Auto enrolment could prove a highly effective retirement savings initiative
If introduced to Ireland, auto enrolment would be the latest in a number of initiatives designed to bring more people under the pension umbrella and boost retirement savings
Rose Leonard: “The aim is that every worker would have an opportunity to be in a pension scheme. Most other countries have some kind of auto enrolment initiative, including the UK, Australia, New Zealand and the US.” Photograph: Zurich
Auto enrolment for pensions might seem like a radically new idea but in fact, it’s not new at all.The idea behind auto enrolment is that every worker would automatically be enrolled in a pension scheme by their employer. Driven by a mounting need to boost pension coverage, the thinking is that it’s more effective to let people opt out of a pension, rather than continue hoping they will opt in.
Certainly, this has already proved to be the case in countries such as Australia and the UK. It hit the headlines here in the past year when Taoiseach, Leo Varadkar, back when he was minister for social protection, said he was in favour of a universal retirement scheme whereby members were automatically enrolled. The Taoiseach returned to this subject in September when speaking to the employers' group IBEC, where he reiterated his proposal to introduce automatic enrolment as part of the Government's national pension plan.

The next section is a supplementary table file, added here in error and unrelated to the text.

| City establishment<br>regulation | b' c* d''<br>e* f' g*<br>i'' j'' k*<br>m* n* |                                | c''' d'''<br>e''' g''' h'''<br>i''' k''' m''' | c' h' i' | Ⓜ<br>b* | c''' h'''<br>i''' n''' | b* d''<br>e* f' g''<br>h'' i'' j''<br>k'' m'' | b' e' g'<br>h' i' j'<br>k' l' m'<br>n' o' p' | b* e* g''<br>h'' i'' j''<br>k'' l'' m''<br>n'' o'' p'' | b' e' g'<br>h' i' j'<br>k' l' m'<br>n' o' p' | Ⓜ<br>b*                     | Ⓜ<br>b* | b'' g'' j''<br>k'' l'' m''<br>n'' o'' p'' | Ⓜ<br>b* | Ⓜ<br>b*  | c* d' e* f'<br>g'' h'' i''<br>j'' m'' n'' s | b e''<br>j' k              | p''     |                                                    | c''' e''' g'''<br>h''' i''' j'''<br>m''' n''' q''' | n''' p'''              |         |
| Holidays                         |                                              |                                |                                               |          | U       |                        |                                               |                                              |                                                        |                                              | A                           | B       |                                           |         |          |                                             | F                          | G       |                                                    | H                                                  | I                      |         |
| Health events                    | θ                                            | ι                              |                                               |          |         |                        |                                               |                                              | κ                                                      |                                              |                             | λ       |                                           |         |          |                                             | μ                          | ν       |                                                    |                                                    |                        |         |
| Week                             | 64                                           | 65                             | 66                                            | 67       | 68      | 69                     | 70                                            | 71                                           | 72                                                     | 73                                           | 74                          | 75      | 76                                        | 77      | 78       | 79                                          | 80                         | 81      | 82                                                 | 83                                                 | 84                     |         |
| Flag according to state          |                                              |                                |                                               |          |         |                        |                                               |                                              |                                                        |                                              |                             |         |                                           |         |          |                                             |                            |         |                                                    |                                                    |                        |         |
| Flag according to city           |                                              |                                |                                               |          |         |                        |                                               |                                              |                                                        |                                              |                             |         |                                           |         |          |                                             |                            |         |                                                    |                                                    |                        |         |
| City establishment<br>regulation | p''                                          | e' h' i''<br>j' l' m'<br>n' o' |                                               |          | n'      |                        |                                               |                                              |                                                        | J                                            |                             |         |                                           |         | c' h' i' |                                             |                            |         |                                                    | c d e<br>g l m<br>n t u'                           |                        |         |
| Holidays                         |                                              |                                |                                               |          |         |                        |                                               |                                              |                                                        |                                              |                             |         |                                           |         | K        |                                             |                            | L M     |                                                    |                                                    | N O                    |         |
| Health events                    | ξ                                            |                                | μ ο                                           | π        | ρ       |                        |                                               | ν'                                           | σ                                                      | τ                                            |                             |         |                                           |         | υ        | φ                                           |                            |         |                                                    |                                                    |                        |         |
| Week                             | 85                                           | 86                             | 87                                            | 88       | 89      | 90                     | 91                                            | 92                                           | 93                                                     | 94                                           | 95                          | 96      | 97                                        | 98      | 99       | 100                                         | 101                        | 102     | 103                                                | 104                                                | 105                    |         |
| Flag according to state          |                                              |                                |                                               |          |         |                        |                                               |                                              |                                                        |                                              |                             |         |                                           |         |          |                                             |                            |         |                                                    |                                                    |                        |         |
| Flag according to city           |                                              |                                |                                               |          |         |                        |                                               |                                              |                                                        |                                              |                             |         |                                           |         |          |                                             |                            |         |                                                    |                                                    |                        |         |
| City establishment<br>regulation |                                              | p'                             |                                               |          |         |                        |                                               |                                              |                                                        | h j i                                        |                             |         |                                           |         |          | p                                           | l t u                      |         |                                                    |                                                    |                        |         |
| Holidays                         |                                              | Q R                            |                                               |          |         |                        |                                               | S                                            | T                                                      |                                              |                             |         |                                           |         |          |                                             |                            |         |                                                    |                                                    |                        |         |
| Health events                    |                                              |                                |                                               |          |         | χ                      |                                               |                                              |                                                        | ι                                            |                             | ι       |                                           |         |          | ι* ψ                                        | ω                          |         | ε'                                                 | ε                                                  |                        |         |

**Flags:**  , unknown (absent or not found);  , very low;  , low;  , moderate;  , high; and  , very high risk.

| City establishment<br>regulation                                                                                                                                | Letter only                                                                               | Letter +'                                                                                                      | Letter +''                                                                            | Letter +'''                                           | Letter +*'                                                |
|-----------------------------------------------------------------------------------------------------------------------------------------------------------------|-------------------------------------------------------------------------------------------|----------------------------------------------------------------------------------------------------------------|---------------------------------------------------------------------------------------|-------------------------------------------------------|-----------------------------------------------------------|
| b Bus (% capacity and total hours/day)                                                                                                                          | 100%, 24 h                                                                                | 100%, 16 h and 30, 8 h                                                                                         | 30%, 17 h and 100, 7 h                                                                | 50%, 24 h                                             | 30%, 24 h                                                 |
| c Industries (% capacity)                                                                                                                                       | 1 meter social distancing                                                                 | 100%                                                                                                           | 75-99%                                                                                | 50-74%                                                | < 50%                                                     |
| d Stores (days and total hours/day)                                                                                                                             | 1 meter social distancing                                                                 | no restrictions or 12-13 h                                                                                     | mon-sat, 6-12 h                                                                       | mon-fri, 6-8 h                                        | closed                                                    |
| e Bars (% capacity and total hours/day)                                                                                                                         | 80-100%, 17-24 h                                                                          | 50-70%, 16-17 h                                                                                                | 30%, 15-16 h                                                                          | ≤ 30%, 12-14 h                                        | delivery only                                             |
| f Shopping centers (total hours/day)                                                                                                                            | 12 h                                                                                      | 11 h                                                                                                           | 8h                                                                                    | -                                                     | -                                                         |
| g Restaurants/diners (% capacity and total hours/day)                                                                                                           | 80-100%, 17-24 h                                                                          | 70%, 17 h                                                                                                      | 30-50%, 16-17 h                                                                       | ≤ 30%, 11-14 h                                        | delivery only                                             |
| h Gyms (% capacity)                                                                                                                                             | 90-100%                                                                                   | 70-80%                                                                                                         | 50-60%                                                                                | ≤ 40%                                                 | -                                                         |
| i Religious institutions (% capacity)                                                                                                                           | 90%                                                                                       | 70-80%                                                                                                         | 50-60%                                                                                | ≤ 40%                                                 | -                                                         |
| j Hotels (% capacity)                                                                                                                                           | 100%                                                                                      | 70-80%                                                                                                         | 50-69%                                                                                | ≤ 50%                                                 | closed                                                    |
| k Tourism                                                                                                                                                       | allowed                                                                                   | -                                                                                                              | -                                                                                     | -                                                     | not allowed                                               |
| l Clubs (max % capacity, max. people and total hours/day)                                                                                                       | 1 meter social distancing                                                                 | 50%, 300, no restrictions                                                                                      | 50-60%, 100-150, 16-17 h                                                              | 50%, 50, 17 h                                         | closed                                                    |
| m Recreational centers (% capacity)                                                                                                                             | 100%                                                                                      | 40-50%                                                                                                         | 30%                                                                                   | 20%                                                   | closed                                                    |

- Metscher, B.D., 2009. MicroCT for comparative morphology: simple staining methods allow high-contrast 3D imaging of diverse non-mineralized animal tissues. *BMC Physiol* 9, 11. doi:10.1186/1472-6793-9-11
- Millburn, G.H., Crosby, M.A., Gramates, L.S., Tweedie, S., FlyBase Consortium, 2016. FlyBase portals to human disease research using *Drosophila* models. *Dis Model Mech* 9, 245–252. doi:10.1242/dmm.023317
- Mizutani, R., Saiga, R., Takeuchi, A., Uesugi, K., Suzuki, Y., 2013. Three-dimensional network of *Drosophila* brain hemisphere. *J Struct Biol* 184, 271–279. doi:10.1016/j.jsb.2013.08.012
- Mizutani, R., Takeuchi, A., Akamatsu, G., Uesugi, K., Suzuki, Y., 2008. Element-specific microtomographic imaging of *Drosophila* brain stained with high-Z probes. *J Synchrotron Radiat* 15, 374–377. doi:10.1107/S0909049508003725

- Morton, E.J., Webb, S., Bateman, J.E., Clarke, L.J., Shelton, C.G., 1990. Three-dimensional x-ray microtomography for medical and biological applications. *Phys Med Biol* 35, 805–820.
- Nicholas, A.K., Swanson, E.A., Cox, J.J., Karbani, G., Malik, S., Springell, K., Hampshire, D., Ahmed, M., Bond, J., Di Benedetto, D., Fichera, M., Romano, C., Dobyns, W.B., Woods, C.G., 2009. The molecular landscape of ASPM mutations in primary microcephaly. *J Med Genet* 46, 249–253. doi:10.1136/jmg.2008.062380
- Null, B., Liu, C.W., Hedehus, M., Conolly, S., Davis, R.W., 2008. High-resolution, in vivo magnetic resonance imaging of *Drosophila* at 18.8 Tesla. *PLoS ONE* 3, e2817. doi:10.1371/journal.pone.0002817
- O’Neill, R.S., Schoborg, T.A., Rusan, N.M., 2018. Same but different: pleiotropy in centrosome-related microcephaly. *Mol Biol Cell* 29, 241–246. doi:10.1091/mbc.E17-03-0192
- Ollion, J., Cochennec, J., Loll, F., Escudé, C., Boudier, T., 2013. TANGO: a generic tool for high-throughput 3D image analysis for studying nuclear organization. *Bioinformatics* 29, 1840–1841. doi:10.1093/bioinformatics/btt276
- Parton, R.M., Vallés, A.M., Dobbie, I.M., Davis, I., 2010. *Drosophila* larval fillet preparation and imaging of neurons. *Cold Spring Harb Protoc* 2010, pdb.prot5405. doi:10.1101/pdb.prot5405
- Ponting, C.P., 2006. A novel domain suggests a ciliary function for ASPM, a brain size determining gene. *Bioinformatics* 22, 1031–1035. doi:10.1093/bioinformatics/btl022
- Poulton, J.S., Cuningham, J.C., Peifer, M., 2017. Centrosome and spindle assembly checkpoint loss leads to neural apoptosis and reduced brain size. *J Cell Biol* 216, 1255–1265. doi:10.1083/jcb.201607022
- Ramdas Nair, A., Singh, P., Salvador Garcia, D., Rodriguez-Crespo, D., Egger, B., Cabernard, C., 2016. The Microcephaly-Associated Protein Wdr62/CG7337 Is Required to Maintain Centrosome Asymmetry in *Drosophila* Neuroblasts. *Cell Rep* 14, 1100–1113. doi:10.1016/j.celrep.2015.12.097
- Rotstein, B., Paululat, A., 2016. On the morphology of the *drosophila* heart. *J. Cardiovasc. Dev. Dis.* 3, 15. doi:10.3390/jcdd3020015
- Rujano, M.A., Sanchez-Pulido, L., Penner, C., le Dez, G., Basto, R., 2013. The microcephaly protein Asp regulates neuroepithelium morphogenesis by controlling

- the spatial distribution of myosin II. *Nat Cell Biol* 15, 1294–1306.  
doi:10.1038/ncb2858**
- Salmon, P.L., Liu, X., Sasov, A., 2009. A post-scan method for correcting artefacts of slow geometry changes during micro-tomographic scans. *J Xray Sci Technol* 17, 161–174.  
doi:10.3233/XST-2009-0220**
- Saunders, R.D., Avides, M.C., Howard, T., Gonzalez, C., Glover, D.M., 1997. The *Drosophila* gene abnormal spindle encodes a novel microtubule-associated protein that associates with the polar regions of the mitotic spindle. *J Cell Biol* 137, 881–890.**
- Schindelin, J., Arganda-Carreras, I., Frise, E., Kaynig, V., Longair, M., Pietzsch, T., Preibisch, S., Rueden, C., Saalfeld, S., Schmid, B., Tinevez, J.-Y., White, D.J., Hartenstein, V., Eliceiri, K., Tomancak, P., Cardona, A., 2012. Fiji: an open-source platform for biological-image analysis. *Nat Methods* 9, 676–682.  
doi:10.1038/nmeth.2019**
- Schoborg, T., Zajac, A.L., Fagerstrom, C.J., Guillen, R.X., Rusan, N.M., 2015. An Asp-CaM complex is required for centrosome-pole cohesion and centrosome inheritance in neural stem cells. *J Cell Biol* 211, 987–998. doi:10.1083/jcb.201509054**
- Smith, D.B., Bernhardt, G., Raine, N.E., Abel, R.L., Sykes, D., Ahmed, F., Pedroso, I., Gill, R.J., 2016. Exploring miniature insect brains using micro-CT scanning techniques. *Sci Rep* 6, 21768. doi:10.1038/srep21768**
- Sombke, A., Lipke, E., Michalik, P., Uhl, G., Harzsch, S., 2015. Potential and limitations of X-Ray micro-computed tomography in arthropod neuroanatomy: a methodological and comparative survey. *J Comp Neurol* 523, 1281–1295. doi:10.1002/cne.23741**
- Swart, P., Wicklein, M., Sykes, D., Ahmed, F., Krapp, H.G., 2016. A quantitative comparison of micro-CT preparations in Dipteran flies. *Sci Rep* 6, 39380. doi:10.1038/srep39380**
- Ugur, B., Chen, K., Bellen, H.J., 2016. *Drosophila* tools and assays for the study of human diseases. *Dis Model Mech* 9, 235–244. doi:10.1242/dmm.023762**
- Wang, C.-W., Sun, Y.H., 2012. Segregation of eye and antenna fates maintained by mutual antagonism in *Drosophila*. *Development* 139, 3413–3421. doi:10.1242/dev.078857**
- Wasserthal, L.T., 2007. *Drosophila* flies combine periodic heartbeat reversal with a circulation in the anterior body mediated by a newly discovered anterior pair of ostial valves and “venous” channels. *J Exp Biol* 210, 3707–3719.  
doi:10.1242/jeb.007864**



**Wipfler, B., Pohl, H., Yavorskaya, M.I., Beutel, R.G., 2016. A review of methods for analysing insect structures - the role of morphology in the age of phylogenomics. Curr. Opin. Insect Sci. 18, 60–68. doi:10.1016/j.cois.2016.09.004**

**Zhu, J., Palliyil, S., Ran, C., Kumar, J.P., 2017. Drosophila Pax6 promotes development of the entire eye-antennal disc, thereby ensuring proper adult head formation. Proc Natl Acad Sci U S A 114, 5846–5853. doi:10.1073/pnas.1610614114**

But the fact is, you only have to go back half a generation to find that whole swathes of workers were – and indeed many still are – effectively "auto enrolled" in the occupational pension scheme run by their employer.
“When I started out, anyone getting a job in a bank, an insurance company or a big employer would automatically be enrolled in the occupational pension scheme,” says Rose Leonard, head of distribution and customer relationship management at Zurich Life.